Inference Testing

Right now this section is short, and not very sweet. Nvidia’s claims that the Orin Nano delivers almost 30 times the performance of the Jetson Nano (that it hopes to improve to 45 times) I was unable to verify.

The root causes of this being a short timescale and the private software build. I wanted to demonstrate the Hello AI World example using a Raspberry Pi Camera Module 2, but I ran into camera issues which saw the software encoder not detecting the camera, despite it being listed as compatible. These issues have been raised to Nvidia, and I hope that a future JetPack OS release will resolve these issues.

The Desktop Experience

Running JetPack 5, a custom version of Ubuntu 20.04, the 8GB of LPDDR5 and six-core Arm CPU provide enough power for general desktop duties. However, we wouldn’t recommend investing $500 in this board just to use it as a desktop PC. 

First boot was a little slower than we hoped, but Nvidia has stated in the reviewer’s guide that final production units will not have this issue. Another issue we spotted was that only 6.3GB of RAM was available in the preview build. The full 8GB will be available to end users via a fix. The Ubuntu experience was pleasant, with the minimal amount of customization made to the desktop, short of installing tools specific to the strengths of the Orin Nano.

Installation of Chromium took a little longer than we would have expected. It seemingly installed the browser via Snap, Canonical's preferred packaging platform. Call us old fashioned, but we still have a lot of love for APT. 

With the installation complete, we opened Chromium and then went to YouTube to watch a couple of HDR and 4K videos. First was LeePSPVideo’s HDR video test, which we set to fullscreen and at 1440p. Video playback was great, as stats for nerds showed a tiny number of frames dropped for the 1440p 30fps video.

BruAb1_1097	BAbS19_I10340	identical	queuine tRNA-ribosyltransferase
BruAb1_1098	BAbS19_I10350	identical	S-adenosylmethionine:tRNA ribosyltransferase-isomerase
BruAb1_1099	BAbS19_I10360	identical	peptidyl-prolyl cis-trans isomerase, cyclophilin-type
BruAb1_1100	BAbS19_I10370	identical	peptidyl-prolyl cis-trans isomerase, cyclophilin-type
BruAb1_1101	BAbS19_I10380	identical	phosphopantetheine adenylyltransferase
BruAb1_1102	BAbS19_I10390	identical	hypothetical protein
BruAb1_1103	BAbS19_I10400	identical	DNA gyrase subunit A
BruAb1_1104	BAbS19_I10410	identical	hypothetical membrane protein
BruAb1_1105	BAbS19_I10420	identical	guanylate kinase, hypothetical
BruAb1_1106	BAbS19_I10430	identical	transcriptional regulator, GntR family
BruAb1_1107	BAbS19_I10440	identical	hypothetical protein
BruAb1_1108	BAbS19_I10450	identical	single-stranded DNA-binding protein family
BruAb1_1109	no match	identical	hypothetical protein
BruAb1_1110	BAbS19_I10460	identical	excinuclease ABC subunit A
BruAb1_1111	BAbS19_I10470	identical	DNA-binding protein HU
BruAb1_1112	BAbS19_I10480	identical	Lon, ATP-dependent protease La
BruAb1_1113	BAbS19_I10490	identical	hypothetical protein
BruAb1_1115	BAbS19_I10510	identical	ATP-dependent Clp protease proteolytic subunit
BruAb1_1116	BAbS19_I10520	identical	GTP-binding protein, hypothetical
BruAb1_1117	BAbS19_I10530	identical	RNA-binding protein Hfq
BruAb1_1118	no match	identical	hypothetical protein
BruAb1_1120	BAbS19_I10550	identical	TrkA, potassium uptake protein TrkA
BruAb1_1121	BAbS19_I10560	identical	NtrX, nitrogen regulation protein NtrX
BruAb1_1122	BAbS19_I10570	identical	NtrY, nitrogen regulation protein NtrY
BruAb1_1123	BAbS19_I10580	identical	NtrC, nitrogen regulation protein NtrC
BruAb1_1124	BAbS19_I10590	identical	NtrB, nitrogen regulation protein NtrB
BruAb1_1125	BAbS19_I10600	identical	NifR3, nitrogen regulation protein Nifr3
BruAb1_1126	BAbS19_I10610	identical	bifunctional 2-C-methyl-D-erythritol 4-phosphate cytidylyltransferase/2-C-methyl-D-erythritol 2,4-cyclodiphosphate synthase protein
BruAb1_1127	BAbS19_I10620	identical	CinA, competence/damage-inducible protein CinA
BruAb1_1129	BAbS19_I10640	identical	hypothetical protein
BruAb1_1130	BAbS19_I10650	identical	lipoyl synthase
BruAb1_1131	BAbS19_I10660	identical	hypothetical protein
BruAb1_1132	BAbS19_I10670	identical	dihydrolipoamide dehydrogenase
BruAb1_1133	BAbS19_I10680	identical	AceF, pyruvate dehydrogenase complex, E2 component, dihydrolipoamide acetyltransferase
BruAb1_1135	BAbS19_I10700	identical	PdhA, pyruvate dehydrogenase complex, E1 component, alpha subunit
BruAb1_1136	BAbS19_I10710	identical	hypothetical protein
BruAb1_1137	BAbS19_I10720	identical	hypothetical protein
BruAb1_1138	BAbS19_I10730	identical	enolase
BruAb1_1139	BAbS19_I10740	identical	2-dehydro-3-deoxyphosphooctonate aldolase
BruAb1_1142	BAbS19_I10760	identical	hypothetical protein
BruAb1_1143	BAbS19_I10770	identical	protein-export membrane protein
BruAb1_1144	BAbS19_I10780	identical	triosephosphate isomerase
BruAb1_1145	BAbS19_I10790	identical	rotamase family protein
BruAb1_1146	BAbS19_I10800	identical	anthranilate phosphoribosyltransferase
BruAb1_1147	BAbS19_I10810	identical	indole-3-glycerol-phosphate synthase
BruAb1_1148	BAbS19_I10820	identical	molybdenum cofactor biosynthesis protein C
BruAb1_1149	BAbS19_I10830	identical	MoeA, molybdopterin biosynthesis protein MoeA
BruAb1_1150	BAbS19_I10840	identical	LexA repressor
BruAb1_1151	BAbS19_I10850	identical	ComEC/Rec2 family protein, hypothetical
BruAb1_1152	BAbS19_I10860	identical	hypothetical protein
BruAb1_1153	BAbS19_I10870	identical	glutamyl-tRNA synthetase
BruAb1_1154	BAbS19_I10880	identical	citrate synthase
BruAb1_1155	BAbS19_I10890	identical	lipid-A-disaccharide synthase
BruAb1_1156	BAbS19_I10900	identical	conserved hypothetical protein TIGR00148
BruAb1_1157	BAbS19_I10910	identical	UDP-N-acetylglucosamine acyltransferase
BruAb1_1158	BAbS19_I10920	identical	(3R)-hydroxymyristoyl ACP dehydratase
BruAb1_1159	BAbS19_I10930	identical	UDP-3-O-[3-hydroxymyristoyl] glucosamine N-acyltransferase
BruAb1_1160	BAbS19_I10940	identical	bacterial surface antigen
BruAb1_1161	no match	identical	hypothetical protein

If we hadn't used stats for nerds, we would never have noticed. The next video, a trip around Costa Rica and its wildlife was played at 1440p fullscreen, but this 60 fps video fared worse. It dropped around 4% of the frames over its entire run, the vast majority being at the start of the video. Despite that issue, playback was great.

(Image credit: Tom's Hardware)

Missing from the Orin Nano is a dedicated hardware encoder (NVENC). Instead, Nvidia offers a software encoder using the six-core Arm A78AE CPU. This seems like a downgrade from the Jetson Nano, but perhaps the two additional Arm CPU cores are there to make up for it? 

The lack of a hardware encoder also impacts how we use a camera with the Orin Nano. There are two 15 pin CSI connectors on the left side of the carrier board. These are compatible with CSI cables made for the Raspberry Pi Zero. We connected a Raspberry Pi Camera Module 2 to CAM0 and tested a quick script to record video. Sadly this wasn’t to be with our preview build of the OS. Despite the IMX219 sensor of the Raspberry Pi Camera Module 2 being compatible, we never managed to get an image. 

Using the GPIO

The 40 pin GPIO of the Orin Nano is on the right hand side of the carrier board and here is our first issue. What pins are we connecting to? On the Jetson Nano we had the board reference printed as a silkscreen next to the pins.